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SLOVAK WORD OF THE WEEK

Žúr

IF THERE is one thing people tend to remember, it’s a good party (žúr). And in Slovakia, parties define entire political eras. Before the 1998 general election Prime Minister Vladimír Mečiar organised a grandiose meeting for his fans in Trnava. Ten special trains and tens of buses brought 20,000 enthusiastic supporters to a football stadium, where the party’s 150 candidates for the election were announced. The fun part was that not even the nominees themselves knew beforehand who would make it onto the list. There were planes flying overhead, there was music, even Mečiar sang to the tune of “I have no car, I have no motorbike”. The entire essence of Mečiarism was captured in this one event – the megalomania, the authoritarianism, the secrecy, the money Mečiar had to throw around.

IF THERE is one thing people tend to remember, it’s a good party (žúr). And in Slovakia, parties define entire political eras. Before the 1998 general election Prime Minister Vladimír Mečiar organised a grandiose meeting for his fans in Trnava. Ten special trains and tens of buses brought 20,000 enthusiastic supporters to a football stadium, where the party’s 150 candidates for the election were announced. The fun part was that not even the nominees themselves knew beforehand who would make it onto the list. There were planes flying overhead, there was music, even Mečiar sang to the tune of “I have no car, I have no motorbike”. The entire essence of Mečiarism was captured in this one event – the megalomania, the authoritarianism, the secrecy, the money Mečiar had to throw around.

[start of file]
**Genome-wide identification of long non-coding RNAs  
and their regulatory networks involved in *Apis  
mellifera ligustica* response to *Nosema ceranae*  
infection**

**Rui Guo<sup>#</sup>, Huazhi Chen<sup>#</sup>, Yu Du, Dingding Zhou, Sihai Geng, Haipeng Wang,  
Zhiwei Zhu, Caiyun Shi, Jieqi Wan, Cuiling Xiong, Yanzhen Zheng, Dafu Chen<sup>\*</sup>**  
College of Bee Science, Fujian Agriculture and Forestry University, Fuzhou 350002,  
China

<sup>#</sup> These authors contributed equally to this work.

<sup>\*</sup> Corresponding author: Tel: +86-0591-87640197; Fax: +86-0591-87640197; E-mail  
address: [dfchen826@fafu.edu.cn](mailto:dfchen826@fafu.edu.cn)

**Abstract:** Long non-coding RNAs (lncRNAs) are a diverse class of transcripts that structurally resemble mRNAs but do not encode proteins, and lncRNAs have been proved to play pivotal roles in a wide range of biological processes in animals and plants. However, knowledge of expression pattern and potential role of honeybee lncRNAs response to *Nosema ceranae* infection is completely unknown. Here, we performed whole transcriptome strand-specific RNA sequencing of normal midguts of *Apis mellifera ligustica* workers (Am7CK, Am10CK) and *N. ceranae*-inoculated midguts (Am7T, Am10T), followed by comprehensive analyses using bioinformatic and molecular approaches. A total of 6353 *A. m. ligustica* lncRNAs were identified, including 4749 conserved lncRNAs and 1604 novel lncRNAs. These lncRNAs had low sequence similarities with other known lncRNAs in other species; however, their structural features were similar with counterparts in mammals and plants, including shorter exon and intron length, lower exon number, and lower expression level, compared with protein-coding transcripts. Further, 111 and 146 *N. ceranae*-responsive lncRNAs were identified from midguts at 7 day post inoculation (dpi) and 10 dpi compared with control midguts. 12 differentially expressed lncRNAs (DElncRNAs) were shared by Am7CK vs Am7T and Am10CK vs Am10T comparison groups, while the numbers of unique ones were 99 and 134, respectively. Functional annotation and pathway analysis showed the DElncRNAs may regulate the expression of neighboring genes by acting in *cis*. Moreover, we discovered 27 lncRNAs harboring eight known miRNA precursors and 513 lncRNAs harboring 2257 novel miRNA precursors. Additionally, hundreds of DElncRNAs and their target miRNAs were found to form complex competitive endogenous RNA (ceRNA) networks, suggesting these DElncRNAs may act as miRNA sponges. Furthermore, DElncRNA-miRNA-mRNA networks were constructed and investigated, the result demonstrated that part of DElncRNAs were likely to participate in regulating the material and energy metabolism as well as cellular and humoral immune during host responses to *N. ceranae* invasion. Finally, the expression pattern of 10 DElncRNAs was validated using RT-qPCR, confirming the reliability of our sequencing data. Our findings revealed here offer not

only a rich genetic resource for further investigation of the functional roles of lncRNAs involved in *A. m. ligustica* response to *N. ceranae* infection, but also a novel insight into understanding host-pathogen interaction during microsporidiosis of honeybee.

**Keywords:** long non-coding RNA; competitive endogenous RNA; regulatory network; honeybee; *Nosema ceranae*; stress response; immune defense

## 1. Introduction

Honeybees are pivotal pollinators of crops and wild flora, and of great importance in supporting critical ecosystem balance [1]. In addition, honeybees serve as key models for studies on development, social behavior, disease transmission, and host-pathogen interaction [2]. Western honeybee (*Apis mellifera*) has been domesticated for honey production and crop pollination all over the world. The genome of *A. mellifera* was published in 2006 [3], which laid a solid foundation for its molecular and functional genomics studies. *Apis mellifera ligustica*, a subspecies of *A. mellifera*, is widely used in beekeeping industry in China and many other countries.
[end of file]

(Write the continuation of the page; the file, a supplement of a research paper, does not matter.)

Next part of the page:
The night after the 2006 elections, when Smer celebrated its victory, they let journalists stand outside, doors protected by bodyguards with short hair, broad shoulders and black suits. The party was a sign of things to come – arrogance, disregard for those with other opinions, and shady characters controlling access to the halls of power.

A rather different scene came four years later, when the SDKÚ’s Iveta Radičová told an excited SaS boss Richard Sulík, drunk on a sense of election victory and eager to get Fico’s coalition out of power, “to hold the balloons and wait”. All of that in front of TV cameras. A sense of relief over the political change, more openness in public life, and strange communication habits within the coalition have all remained.

Now comes news of another žúr, which illustrates the times we are living in. Supreme Court judges, attorneys, law teachers, and the man now in charge of the prosecutor’s office, meeting in the ‘Bonanno’ pub, running around dressed as the mass murderer from Devínska Nová Ves and calling each other “Your Honour” and “Your Imbecility” and giving each other “Justice Oscars”.

Yes, this is how the Slovak justice system works. The recent fight for the post of general prosecutor is important. But we are a long way from radical change. The people from the Supreme Court, the Constitutional Court, and even within the prosecutor’s office itself are not going anywhere. They have created their own world and breaking their ties is not something that can be accomplished in a year. Or perhaps even a decade. Even if the coalition now elects its candidate for general prosecutor, the wild party in the judiciary is far from over.


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